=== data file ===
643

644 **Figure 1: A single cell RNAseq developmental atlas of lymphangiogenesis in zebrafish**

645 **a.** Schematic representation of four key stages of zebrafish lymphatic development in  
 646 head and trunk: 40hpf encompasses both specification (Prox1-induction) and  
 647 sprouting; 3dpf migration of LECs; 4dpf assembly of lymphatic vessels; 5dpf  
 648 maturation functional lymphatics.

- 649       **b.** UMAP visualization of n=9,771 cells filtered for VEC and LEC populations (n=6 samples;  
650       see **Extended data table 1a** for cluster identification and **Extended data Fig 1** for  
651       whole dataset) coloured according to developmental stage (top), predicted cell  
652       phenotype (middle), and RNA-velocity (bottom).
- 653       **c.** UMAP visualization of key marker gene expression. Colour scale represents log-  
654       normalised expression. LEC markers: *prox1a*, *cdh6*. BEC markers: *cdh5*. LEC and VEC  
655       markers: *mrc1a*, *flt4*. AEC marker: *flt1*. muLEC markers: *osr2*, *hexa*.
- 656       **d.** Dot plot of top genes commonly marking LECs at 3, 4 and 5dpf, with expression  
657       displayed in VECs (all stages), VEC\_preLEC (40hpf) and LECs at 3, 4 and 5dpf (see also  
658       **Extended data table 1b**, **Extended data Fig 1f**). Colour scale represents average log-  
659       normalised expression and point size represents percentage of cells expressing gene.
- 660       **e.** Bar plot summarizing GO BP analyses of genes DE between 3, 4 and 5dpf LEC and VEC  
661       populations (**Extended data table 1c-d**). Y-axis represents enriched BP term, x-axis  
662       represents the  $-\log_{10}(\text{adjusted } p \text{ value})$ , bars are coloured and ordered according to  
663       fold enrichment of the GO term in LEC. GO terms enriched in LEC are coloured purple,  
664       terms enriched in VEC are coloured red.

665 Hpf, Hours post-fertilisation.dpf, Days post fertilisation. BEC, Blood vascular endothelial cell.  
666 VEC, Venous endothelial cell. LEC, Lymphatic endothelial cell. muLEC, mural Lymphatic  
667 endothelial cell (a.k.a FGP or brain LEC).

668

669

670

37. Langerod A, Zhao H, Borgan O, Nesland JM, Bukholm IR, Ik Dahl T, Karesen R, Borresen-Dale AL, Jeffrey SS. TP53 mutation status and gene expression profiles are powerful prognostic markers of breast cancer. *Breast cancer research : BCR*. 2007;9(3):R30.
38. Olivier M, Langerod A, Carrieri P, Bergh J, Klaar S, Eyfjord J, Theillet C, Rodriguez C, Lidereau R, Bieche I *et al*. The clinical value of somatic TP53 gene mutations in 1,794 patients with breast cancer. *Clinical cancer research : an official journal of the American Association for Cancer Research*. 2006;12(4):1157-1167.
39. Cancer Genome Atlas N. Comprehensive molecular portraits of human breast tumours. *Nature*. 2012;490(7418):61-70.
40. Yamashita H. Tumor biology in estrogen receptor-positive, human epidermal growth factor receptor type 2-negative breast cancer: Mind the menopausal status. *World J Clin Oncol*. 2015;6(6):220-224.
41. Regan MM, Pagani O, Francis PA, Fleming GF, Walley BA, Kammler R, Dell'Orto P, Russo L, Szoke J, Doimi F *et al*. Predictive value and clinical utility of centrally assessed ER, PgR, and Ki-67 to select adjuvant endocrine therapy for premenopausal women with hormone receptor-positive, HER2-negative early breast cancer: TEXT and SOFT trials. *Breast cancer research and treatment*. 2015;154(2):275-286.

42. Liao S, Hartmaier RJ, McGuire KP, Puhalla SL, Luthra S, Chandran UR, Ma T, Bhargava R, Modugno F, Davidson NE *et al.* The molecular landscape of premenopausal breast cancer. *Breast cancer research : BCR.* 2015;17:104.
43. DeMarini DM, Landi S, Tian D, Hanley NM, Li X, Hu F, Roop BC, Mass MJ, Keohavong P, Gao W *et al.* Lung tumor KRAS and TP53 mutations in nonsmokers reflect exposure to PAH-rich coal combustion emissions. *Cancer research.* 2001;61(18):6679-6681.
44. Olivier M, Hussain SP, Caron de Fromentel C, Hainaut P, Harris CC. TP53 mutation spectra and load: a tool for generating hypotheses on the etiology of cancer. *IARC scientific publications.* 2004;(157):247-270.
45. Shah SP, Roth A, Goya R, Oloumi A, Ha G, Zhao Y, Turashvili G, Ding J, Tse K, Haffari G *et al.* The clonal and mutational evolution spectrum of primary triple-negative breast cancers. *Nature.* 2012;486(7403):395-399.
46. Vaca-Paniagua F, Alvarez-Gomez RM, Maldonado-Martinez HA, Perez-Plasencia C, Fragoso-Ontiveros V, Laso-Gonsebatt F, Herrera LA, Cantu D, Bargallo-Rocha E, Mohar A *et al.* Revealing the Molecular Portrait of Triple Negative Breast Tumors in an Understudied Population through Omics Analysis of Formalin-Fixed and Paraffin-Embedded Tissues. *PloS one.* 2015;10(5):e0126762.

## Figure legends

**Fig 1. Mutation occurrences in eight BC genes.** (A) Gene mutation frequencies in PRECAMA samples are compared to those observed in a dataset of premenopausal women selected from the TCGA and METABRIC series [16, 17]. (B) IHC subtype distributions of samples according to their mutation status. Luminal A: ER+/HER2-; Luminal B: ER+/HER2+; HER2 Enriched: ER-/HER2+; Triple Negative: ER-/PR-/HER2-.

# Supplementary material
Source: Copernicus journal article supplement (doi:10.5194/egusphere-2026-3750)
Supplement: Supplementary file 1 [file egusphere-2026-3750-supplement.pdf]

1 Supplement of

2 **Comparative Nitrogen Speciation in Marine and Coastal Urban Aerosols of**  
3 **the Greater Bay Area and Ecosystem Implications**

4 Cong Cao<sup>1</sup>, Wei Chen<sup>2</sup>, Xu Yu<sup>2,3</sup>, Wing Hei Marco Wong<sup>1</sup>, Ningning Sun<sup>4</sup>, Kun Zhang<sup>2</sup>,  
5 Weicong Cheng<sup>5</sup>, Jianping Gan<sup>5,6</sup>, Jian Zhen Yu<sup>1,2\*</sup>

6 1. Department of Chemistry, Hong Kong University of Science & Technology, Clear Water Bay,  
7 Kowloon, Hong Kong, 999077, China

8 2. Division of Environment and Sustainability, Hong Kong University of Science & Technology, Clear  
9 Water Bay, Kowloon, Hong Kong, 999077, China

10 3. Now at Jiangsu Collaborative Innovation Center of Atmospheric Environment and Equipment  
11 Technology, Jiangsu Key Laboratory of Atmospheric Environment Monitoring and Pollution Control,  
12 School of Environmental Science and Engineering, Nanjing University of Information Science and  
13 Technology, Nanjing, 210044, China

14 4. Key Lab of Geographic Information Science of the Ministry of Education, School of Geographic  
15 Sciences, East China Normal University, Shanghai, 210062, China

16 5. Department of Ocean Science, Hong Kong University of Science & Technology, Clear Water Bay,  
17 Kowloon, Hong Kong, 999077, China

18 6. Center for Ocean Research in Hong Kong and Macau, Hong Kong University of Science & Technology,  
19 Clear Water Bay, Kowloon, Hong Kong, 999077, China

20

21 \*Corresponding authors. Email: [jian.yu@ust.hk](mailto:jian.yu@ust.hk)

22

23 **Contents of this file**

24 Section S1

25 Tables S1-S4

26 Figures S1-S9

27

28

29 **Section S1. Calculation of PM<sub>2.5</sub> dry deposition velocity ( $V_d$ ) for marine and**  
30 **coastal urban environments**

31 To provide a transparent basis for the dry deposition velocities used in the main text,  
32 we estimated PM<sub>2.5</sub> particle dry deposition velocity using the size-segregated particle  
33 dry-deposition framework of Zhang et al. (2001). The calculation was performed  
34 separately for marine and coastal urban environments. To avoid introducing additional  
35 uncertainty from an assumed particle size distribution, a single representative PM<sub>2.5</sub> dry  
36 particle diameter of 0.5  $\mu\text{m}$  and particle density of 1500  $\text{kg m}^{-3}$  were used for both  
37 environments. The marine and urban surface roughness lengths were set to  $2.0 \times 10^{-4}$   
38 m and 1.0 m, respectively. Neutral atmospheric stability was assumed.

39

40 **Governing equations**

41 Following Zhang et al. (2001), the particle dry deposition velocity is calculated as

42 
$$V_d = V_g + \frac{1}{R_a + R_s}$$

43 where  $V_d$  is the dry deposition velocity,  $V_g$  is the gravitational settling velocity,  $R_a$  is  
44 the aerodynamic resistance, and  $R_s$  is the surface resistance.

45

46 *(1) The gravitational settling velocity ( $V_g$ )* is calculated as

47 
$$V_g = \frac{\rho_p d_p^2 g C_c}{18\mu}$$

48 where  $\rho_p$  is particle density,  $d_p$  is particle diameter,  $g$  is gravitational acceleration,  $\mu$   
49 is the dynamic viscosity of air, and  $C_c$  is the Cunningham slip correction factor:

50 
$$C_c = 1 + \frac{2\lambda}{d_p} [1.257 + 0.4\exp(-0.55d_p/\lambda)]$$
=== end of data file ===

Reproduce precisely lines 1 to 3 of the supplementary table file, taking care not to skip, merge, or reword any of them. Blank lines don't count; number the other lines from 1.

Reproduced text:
643

644 **Figure 1: A single cell RNAseq developmental atlas of lymphangiogenesis in zebrafish**

645 **a.** Schematic representation of four key stages of zebrafish lymphatic development in  